That old holiday standby – “I’ll be Home for Christmas” — there’s a reason it’s a favorite. Nearly all of us yearn for those Christmas card kinda holidays — those Currier & Ives, picture perfect Christmases from our childhoods. The ones with lights twinkling, presents waiting, family hugging, baking, laughing, snuggling. Those are the ones we remember with fondness.
And as we get older, those kinds get harder and harder to recreate. In part, it’s because families get scattered to the four winds and coming home for the holidays takes a major Christmas miracle.
Take my family, for instance. I have a sibling in Phoenix, a daughter in Dallas, another in Knoxville, aunts and uncles scattered across the Southeast, in-laws in Detroit, and grandparents in Heaven. Only one of the afore-mentioned family members is home – and it’s the first time for her in five years. So yes, distance makes family reunions impossible.
But I also think it’s because those past Christmases probably weren’t as consummately classic as our memories tend to make them. Pretty sure my grandmother’s house was more Clark Griswold than Norman Rockwell. Regardless, it is what I miss the most at Christmas.
There were uncles and cousins times twenty. There was turkey and stuffing and more. You want jingle and nog? We had plenty, but who cares? No big deal, we had more….
I wanna be back where my people are…
I wanna see, wanna see them dancing – my uncle the hambone, my Grandma the Charleston — while cousin Teresa pounds out carols on the old, rattletrap pump organ and the rest of us cousins twirl endlessly on the mid century modern swivel chair with winged backrest and threadbare upholstery.
This chair was an arm-less dame with a generous lap and endless patience, and we stacked ourselves up and spun round and round till our stomachs – or a cousin — flipped. And then we started all over again.
And while we tripped the chair fantastic, an ancient miniature schnauzer with rotting teeth nibbled hard boiled eggs at the fireplace hearth, and our aunts and mothers baked up a holiday feast worthy of Rockwell legend.
And when we finally all sat down to eat – all those Southeast-scattered aunts and uncles, and the entire eight cousins, along with the dog, and the grandest dame of them all, our Charleston-dancing, snuff-sniffing, Melungeon-made matriarch — the table absolutely did NOT look like that iconic Saturday Evening Post holiday spread. There was no silver service, no matching white china, no apron-wearing, gray-haired grandparents delivering the glistening turkey to the masses. (My grandfather died when I was scarcely two, and my grandma never basted a butterball in her life – not to mention her hair was a deeply dyed, bitumen-black bob.)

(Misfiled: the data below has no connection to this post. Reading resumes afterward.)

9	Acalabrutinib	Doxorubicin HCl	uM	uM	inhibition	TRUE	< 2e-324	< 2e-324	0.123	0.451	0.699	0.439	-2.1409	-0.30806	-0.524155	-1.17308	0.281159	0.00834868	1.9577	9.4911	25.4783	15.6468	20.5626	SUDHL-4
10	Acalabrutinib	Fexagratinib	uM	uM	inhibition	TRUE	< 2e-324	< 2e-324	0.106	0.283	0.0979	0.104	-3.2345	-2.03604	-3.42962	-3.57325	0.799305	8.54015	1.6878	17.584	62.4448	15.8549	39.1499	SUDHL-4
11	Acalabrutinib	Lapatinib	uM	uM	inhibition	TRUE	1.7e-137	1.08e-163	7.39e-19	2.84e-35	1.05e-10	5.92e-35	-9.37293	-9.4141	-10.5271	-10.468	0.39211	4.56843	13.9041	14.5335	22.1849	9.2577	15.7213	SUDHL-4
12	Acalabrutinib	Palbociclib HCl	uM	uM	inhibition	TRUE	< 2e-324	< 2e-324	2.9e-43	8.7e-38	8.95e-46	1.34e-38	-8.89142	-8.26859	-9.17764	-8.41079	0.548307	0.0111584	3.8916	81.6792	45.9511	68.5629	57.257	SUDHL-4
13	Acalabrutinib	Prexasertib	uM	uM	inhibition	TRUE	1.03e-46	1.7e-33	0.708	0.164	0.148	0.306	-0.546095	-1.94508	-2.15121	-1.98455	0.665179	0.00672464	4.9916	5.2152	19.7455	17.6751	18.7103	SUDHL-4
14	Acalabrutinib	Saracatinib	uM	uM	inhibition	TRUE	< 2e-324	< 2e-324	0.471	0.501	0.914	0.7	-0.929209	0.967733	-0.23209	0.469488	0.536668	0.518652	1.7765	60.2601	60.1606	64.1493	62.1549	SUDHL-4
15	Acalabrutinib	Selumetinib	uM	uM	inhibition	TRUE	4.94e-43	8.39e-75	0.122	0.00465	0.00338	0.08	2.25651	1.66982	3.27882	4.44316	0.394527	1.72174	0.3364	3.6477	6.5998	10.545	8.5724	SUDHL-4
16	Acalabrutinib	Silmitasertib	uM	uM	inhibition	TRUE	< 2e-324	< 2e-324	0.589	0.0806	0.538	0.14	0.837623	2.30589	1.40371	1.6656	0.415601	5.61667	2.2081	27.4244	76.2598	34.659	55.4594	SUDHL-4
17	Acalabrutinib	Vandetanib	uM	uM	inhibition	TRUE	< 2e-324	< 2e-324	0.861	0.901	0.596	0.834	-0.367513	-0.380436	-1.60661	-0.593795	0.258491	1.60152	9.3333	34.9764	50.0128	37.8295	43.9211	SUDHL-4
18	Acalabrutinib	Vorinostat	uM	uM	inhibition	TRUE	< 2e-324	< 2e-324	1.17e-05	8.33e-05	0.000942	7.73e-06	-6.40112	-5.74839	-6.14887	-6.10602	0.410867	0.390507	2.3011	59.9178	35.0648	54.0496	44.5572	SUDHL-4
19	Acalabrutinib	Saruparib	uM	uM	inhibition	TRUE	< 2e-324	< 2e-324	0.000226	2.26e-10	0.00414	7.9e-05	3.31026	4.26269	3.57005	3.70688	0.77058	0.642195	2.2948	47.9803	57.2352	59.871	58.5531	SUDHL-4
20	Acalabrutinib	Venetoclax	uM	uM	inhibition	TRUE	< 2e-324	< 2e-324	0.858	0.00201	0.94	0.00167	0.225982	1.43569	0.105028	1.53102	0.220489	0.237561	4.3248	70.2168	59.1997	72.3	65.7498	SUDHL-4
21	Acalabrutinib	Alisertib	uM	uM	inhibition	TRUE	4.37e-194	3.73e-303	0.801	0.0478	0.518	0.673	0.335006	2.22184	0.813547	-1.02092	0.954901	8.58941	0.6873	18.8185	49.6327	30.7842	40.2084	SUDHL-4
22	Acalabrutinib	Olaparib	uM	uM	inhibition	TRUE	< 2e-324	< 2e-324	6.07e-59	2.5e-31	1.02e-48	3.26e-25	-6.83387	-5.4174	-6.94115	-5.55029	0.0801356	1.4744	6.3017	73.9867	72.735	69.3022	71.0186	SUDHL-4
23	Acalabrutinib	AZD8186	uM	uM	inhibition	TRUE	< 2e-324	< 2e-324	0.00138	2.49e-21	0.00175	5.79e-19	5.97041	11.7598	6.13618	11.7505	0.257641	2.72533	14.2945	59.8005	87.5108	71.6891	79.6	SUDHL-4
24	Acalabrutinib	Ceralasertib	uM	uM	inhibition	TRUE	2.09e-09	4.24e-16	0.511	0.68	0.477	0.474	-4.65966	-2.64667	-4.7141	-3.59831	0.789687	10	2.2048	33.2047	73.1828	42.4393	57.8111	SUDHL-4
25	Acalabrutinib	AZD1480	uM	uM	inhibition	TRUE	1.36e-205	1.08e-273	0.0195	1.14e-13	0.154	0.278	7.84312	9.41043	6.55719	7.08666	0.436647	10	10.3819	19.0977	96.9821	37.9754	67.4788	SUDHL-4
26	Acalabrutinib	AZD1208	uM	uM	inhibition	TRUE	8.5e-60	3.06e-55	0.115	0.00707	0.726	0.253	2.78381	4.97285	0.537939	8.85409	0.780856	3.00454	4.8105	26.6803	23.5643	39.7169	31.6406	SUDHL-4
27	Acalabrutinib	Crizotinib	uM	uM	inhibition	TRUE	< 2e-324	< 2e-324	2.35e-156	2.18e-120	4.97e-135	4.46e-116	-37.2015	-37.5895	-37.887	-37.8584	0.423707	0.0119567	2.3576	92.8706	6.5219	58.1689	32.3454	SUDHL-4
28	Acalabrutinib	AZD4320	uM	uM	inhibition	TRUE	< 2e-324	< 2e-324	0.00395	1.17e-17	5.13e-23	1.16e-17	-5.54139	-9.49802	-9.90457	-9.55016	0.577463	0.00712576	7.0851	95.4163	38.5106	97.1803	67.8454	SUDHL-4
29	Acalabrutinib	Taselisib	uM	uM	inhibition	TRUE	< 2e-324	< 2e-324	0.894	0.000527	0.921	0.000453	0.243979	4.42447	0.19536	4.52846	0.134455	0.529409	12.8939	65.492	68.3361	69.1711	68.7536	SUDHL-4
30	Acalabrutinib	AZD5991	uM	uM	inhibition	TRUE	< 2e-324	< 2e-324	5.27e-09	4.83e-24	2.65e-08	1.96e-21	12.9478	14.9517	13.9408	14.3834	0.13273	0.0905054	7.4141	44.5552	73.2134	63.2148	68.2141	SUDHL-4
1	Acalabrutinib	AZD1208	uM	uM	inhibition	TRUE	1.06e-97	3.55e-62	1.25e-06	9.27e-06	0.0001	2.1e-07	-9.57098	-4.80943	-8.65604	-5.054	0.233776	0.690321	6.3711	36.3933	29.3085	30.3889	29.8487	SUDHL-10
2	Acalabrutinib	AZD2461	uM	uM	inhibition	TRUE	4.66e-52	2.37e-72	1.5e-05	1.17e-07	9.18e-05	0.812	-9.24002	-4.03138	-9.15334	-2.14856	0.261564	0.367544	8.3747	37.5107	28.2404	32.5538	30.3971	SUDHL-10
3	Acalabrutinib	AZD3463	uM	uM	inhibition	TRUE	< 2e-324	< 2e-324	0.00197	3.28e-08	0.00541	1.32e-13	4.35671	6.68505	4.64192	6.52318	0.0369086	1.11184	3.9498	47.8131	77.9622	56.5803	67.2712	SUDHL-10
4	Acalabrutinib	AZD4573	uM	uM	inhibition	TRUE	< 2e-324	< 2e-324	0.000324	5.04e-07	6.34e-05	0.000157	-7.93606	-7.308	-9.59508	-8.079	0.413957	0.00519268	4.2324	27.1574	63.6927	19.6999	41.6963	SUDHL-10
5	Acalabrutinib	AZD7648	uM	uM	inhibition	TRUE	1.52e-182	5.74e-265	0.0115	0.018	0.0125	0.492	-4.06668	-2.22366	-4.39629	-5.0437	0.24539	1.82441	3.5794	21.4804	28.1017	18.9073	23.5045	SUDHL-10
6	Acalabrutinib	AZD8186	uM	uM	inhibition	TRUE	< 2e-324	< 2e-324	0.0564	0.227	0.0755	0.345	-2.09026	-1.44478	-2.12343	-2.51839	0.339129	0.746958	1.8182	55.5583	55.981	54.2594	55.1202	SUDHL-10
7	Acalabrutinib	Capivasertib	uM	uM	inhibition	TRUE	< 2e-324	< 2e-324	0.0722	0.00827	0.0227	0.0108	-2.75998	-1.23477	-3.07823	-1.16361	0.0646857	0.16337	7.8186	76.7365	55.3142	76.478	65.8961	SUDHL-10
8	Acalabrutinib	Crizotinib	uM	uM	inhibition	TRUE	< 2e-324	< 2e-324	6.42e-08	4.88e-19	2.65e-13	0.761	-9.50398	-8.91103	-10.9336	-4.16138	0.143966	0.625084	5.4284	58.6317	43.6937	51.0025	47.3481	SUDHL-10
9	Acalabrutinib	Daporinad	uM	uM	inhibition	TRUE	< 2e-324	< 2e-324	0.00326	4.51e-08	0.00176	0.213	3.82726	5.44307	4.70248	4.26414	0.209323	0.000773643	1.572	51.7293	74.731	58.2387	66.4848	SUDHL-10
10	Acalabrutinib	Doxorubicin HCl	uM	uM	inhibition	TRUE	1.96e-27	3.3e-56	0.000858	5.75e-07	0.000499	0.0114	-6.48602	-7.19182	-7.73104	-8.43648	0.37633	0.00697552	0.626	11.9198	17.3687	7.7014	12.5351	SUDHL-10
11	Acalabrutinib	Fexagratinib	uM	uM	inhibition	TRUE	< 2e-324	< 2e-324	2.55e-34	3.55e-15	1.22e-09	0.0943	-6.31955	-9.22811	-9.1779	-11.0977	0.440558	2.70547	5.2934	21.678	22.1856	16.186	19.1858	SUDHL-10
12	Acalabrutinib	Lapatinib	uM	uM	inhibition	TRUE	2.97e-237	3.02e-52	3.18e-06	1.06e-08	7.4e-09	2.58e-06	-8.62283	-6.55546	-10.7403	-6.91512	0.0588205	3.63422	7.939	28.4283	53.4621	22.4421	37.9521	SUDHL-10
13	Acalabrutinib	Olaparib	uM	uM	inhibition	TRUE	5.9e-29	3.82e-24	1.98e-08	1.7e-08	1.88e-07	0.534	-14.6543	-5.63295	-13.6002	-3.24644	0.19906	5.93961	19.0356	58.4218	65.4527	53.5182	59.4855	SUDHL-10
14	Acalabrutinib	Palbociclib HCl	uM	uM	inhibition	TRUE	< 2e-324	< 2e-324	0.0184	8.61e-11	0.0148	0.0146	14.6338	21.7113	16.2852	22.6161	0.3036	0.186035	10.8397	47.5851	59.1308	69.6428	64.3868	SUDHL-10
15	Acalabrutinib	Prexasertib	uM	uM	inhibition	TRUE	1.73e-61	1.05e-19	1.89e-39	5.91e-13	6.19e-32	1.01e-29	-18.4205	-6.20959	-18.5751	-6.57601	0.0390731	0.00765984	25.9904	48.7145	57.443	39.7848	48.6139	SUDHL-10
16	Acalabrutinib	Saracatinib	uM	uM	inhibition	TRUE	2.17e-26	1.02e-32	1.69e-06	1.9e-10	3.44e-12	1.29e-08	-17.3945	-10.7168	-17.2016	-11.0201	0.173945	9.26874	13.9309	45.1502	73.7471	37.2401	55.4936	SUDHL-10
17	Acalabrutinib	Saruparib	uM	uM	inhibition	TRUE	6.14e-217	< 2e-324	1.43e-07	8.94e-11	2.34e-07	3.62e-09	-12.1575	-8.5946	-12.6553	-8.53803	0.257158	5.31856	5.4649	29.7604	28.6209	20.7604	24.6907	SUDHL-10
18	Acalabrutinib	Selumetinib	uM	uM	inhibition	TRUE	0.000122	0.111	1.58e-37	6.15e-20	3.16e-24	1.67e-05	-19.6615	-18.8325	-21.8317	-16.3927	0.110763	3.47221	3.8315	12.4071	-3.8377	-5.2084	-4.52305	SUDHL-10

No, our table looked more like the Grinch-down-in-Whoville’s final dinner scene. Our spread was scattered across a hodge podge of card tables and end tables linked together in a rickety centipede’s spine. No turned-mahogany matched seating for us. Instead we all bellied up to the banquet in random ladder-back and fold up and no-backed seating and heaped up our plates with turkey and pork tenderloin and cranberries and asparagus casserole and stuffing and dressing for miles.
Elbows rode tables, laughter rode faces, and our family spun straw into gold.
I miss those days and those sounds and those people so, so much.
We have a new matriarch now. And the eight cousins have doubled and quadrupled and scattered to horizons far, far away. And not a one of us is getting any younger. And some of us are nearly as old as our bitumen-bobbed matriarch was way back in those Christmases past.
Which means not many of us are able to gather round rickety card table banquets to rehash the hilarity. But I can still hold out hope. Hope that some time, very, very soon, we can get all the extended Peters back together once again to recapture the merry, mid- century modern, swivel-chaired holidays of our youth.
That is tops – absolute tops — on my grown-up Christmas list.
(Perhaps a Christmas in July this year, Santa? Whaddaya say?)
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